• Clinical science
  • Physician



Angioedema is a self-limited, localized swelling of the dermis, subcutaneous tissues, and/or submucosal tissues caused by fluid leakage into the interstitial tissue. It is mediated by vasoactive substances and can be classified as either mast cell-mediated (often secondary to allergic reactions and NSAIDs), bradykinin-mediated (due to ACE inhibitor use or enzyme deficiencies), and unknown (idiopathic). Patients usually present with swelling of the eyelids, lips, and tongue. However, life-threatening laryngeal edema may occur, which requires immediate airway protection. Treatment generally consists of supportive care and avoidance of triggers, if applicable. In acute cases, mast cell-mediated angioedema is treated with systemic glucocorticoids, antihistamines and if necessary, epinephrine for anaphylaxis. Bradykinin-mediated angioedema is treated with C1 inhibitor (C1-INH) concentrate, bradykinin-B2-receptor antagonists and kallikrein inhibitors.


Mast cell-mediated angioedema (histamine-mediated angioedema)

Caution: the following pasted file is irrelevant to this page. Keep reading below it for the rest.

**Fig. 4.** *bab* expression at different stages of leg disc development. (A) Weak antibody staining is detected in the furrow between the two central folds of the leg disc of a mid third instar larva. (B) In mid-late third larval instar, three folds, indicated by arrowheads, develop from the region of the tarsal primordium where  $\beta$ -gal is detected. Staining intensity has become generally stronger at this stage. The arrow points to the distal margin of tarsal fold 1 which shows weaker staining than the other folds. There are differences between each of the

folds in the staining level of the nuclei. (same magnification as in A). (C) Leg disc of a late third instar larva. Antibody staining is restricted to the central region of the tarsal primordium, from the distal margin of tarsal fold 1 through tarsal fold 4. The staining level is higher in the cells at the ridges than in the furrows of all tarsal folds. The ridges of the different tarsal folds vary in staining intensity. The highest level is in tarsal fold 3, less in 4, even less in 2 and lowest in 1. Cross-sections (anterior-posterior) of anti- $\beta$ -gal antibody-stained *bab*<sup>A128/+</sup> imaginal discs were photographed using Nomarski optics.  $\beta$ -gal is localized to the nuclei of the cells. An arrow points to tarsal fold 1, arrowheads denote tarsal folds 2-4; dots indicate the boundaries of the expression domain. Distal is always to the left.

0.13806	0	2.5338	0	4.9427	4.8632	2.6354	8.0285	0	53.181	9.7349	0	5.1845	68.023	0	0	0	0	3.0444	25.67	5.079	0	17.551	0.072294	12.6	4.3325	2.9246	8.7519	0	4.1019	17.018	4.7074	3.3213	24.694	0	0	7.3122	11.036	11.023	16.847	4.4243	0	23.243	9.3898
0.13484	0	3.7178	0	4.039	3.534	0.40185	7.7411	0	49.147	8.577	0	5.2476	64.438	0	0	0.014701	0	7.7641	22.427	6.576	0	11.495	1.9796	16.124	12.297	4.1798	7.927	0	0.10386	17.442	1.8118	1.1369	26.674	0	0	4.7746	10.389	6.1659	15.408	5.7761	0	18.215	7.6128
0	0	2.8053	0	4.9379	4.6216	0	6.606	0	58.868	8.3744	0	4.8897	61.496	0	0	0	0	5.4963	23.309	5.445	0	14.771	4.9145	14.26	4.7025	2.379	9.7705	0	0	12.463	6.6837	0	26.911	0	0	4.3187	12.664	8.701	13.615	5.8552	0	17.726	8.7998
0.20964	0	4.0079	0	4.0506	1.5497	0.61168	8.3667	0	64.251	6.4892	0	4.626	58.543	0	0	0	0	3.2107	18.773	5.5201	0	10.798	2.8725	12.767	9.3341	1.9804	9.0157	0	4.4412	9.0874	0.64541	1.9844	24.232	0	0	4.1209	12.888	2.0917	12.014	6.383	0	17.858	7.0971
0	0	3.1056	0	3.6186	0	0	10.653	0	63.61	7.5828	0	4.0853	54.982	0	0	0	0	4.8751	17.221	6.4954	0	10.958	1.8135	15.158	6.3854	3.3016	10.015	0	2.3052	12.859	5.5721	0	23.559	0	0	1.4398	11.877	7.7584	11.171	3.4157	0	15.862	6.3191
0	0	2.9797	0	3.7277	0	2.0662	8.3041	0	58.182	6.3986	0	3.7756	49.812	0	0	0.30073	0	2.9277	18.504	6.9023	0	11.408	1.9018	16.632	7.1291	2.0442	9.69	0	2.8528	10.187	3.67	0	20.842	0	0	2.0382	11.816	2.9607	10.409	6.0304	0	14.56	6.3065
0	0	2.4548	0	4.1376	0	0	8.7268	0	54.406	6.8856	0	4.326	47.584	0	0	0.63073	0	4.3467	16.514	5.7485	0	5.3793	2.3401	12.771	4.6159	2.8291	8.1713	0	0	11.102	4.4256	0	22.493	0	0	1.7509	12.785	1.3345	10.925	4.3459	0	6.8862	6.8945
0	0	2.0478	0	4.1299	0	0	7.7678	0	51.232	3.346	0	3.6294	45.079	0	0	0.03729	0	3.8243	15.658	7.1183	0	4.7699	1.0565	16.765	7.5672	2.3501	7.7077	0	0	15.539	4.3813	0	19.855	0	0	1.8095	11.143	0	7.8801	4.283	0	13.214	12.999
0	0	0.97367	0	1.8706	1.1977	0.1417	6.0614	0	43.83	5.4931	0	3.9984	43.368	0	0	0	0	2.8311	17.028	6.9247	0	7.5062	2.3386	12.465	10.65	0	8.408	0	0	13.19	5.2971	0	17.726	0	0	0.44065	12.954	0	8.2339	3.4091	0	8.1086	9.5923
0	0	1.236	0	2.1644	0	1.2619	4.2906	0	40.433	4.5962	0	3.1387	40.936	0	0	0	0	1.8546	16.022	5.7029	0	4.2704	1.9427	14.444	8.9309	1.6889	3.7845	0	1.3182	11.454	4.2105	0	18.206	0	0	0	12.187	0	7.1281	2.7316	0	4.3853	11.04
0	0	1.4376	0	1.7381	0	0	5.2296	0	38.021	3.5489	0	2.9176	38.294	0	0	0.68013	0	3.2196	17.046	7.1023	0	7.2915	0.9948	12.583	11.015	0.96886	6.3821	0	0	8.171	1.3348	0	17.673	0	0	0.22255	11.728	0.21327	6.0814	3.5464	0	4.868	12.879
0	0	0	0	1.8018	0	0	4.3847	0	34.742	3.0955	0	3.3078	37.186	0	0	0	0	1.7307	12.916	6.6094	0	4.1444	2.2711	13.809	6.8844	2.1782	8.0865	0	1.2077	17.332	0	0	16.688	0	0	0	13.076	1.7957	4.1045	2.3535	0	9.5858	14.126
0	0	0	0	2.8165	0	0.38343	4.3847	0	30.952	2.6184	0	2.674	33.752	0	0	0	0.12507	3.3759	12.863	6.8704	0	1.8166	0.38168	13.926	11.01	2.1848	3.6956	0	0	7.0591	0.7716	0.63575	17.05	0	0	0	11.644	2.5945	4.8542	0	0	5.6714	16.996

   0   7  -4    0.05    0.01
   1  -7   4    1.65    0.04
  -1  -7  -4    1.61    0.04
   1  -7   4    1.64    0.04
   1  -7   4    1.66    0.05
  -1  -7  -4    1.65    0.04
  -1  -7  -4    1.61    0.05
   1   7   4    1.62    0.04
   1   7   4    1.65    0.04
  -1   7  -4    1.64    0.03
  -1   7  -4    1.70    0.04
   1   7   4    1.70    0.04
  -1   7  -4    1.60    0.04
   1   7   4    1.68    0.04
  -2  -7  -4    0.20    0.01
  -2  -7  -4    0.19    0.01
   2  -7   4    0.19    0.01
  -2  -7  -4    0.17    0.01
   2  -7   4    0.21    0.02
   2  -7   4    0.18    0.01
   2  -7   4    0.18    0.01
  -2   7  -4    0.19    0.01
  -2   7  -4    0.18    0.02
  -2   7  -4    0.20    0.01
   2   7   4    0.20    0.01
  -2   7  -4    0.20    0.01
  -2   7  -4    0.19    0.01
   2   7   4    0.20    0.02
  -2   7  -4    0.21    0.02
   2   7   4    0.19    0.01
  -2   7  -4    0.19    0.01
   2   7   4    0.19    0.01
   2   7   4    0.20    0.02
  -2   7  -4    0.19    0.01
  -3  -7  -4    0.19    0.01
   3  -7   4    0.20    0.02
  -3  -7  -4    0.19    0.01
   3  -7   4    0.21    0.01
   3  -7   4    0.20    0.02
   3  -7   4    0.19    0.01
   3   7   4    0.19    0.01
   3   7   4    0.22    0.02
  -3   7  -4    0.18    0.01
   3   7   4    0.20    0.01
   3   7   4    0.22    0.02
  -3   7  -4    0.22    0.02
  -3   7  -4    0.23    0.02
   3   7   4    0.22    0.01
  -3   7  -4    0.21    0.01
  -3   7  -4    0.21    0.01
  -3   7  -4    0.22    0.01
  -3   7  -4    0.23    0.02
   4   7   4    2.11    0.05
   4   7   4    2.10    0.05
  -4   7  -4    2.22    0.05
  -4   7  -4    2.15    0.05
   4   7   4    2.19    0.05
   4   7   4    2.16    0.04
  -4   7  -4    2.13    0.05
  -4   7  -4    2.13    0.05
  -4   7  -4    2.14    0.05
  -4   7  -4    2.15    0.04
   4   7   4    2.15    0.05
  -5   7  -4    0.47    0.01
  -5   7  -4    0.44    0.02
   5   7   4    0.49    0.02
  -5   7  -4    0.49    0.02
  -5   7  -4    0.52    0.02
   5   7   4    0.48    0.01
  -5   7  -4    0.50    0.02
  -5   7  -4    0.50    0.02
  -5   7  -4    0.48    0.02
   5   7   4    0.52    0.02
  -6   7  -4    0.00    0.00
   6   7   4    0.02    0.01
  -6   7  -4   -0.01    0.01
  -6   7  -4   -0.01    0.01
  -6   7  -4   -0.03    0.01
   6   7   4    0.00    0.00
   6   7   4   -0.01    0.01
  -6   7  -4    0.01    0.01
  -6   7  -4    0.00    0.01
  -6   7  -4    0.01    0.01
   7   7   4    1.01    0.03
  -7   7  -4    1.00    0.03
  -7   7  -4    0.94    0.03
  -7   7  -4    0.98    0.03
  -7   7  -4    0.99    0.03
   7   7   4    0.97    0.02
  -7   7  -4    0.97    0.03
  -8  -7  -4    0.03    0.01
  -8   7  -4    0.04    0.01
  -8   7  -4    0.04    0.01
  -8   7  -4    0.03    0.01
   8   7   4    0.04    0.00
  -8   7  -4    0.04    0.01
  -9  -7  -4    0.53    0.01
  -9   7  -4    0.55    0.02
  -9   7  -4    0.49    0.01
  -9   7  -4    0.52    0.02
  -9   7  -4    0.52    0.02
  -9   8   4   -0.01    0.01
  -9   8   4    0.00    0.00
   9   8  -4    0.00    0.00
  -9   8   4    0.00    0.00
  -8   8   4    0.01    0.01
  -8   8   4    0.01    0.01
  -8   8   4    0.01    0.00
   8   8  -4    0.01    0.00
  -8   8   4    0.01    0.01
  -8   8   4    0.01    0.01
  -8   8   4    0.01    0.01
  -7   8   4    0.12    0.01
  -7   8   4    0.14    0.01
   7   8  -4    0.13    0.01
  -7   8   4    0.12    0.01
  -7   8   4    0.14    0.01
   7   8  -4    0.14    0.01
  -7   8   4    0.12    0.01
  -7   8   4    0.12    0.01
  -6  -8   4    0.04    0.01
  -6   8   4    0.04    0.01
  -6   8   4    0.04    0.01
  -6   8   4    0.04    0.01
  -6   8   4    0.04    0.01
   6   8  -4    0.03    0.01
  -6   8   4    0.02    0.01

Bradykinin-mediated angioedema

Angioedema of unknown cause


Clinical features

Common symptoms

  • Facial edema (mouth, eyelids, tongue)
  • Laryngeal involvement: dyspnea and inspiratory stridor, potentially life-threatening
  • Possibly swelling of extremities and urogenital area (e.g., hands, feet, scrotum)

Mast cell-mediated angioedema

Bradykinin-mediated angioedema

  • Hereditary angioedema
    • Family history often present
    • Clinical manifestations in childhood or adolescence
    • Abdominal symptoms : colicky abdominal pain, nausea/vomiting, diarrhea
    • Angioedema of the extremities or trunk
    • Not associated with urticaria or pruritus



  • The diagnosis of angioedema is mainly based on history and clinical findings.
  • In some cases:
    • Allergy screening
    • Evaluation of C1-INH deficiency


Epinephrine, glucocorticoids and antihistamines are ineffective in acute hereditary angioedema attacks!

If airway compromise is suspected (stridor, wheezing, diminished air movement) or the patient is in shock, treat immediately with IM epinephrine, start oxygen and IV fluids, and consider intubation to protect the airway. Once acute therapy has been initiated, the type and cause of angioedema should be determined.

Acute management checklist